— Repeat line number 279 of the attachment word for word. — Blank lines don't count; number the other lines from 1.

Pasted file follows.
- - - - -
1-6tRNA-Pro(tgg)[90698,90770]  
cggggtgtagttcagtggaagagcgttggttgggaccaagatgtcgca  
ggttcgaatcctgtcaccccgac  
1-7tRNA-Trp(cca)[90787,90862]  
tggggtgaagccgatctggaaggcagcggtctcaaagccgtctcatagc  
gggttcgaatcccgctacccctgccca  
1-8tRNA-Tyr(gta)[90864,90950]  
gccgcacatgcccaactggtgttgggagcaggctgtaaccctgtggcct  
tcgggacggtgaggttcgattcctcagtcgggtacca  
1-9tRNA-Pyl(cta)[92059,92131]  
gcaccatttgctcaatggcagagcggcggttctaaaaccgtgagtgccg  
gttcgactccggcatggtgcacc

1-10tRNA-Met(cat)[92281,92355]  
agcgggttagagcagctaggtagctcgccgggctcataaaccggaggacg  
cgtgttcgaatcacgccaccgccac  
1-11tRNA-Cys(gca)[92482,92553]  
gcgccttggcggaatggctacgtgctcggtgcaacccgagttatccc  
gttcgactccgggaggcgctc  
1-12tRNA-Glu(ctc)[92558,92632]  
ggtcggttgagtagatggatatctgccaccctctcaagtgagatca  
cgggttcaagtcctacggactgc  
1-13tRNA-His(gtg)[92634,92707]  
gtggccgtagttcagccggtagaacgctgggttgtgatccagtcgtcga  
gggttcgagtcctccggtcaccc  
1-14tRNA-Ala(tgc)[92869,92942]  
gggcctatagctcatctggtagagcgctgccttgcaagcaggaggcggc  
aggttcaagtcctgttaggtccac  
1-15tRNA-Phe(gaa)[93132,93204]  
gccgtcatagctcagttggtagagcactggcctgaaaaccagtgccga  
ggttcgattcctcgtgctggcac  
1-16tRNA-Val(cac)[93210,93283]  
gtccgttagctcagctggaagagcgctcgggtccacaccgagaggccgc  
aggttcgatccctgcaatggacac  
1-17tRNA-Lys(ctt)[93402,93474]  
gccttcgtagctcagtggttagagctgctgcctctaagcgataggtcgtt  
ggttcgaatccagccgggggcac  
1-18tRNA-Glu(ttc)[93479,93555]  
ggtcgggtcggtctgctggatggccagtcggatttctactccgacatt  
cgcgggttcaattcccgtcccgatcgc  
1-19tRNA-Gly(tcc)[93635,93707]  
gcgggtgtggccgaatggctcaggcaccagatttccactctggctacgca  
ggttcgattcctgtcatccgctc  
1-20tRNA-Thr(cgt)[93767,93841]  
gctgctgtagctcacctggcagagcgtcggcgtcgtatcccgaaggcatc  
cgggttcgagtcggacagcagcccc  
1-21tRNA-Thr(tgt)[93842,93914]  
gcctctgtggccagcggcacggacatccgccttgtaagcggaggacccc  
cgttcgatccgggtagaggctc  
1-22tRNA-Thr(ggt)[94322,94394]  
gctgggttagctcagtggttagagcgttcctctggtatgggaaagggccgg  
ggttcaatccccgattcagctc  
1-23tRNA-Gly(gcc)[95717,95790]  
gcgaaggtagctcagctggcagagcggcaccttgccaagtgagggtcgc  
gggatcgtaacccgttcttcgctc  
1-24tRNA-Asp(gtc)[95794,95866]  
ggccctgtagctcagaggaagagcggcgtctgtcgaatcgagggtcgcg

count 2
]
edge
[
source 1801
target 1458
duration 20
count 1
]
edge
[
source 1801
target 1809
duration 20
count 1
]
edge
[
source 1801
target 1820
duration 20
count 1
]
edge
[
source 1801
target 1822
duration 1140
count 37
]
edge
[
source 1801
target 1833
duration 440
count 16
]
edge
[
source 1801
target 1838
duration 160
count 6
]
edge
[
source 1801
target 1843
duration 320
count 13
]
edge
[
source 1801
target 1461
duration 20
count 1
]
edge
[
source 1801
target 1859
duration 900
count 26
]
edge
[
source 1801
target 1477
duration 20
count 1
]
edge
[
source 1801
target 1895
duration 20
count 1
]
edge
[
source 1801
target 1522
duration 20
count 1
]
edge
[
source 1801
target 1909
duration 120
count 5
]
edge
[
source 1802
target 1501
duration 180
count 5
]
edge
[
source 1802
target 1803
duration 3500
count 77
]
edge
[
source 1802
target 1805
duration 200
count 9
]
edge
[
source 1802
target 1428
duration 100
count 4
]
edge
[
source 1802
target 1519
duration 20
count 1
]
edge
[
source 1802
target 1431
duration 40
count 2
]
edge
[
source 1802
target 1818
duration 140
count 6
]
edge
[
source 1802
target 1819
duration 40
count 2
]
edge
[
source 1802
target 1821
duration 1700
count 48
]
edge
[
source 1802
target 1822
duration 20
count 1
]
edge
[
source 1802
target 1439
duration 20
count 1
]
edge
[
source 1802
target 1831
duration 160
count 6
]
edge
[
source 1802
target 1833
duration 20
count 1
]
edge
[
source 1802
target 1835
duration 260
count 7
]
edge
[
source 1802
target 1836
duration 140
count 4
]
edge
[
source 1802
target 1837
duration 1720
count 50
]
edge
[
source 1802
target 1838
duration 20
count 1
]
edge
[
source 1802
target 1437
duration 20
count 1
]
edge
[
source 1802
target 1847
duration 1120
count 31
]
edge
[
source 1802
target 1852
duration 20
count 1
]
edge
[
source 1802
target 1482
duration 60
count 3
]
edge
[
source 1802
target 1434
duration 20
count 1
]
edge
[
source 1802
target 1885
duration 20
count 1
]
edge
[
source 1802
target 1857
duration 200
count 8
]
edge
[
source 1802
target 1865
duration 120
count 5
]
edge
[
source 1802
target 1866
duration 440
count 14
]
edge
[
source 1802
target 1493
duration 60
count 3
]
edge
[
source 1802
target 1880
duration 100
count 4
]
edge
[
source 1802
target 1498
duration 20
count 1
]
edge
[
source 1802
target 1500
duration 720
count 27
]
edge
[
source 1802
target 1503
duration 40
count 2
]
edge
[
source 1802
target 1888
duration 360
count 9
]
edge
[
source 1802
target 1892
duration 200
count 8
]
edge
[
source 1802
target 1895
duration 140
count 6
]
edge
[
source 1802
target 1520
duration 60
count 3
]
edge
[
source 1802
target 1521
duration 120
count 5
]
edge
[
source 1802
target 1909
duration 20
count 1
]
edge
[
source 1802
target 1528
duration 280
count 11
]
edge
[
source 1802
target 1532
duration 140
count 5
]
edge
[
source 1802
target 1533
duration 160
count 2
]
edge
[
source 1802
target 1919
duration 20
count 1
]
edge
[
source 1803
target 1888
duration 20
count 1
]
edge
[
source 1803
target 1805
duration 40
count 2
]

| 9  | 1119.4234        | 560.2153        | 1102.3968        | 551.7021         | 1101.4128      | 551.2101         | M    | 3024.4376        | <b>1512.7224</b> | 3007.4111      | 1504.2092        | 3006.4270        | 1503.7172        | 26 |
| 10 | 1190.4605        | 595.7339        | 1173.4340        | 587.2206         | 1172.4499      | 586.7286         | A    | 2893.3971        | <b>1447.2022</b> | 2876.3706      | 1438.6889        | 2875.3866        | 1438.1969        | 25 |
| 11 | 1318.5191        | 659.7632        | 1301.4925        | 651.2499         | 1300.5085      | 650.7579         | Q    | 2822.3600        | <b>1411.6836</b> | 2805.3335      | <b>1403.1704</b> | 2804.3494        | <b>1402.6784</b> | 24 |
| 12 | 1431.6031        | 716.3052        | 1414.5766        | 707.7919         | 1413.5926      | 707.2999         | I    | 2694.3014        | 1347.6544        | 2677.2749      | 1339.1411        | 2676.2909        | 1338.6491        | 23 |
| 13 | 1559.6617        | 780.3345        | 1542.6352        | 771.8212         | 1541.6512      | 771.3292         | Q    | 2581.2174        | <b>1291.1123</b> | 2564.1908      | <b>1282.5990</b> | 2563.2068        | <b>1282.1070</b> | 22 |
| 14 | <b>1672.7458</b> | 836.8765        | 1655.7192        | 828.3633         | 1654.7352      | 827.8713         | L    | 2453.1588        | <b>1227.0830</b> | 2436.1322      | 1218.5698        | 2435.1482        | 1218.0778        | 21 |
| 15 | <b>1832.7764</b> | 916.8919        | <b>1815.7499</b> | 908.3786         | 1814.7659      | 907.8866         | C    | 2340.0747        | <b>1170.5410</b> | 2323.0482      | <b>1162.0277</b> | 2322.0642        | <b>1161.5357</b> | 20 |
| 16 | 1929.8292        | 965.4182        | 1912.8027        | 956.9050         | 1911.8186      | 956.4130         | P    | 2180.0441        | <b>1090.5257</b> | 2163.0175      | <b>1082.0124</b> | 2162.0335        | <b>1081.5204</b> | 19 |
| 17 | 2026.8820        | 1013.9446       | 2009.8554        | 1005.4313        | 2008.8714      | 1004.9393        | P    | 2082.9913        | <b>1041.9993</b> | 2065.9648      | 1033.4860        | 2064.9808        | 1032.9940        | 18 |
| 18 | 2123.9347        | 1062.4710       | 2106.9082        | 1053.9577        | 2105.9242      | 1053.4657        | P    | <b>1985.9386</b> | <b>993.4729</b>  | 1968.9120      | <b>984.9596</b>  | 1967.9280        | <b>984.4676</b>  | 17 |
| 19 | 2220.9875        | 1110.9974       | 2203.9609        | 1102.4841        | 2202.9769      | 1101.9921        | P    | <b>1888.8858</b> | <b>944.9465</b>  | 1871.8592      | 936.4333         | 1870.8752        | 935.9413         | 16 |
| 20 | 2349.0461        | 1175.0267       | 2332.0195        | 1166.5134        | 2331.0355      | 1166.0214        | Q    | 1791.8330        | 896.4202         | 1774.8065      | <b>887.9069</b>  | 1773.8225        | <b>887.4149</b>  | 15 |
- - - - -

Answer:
target 1847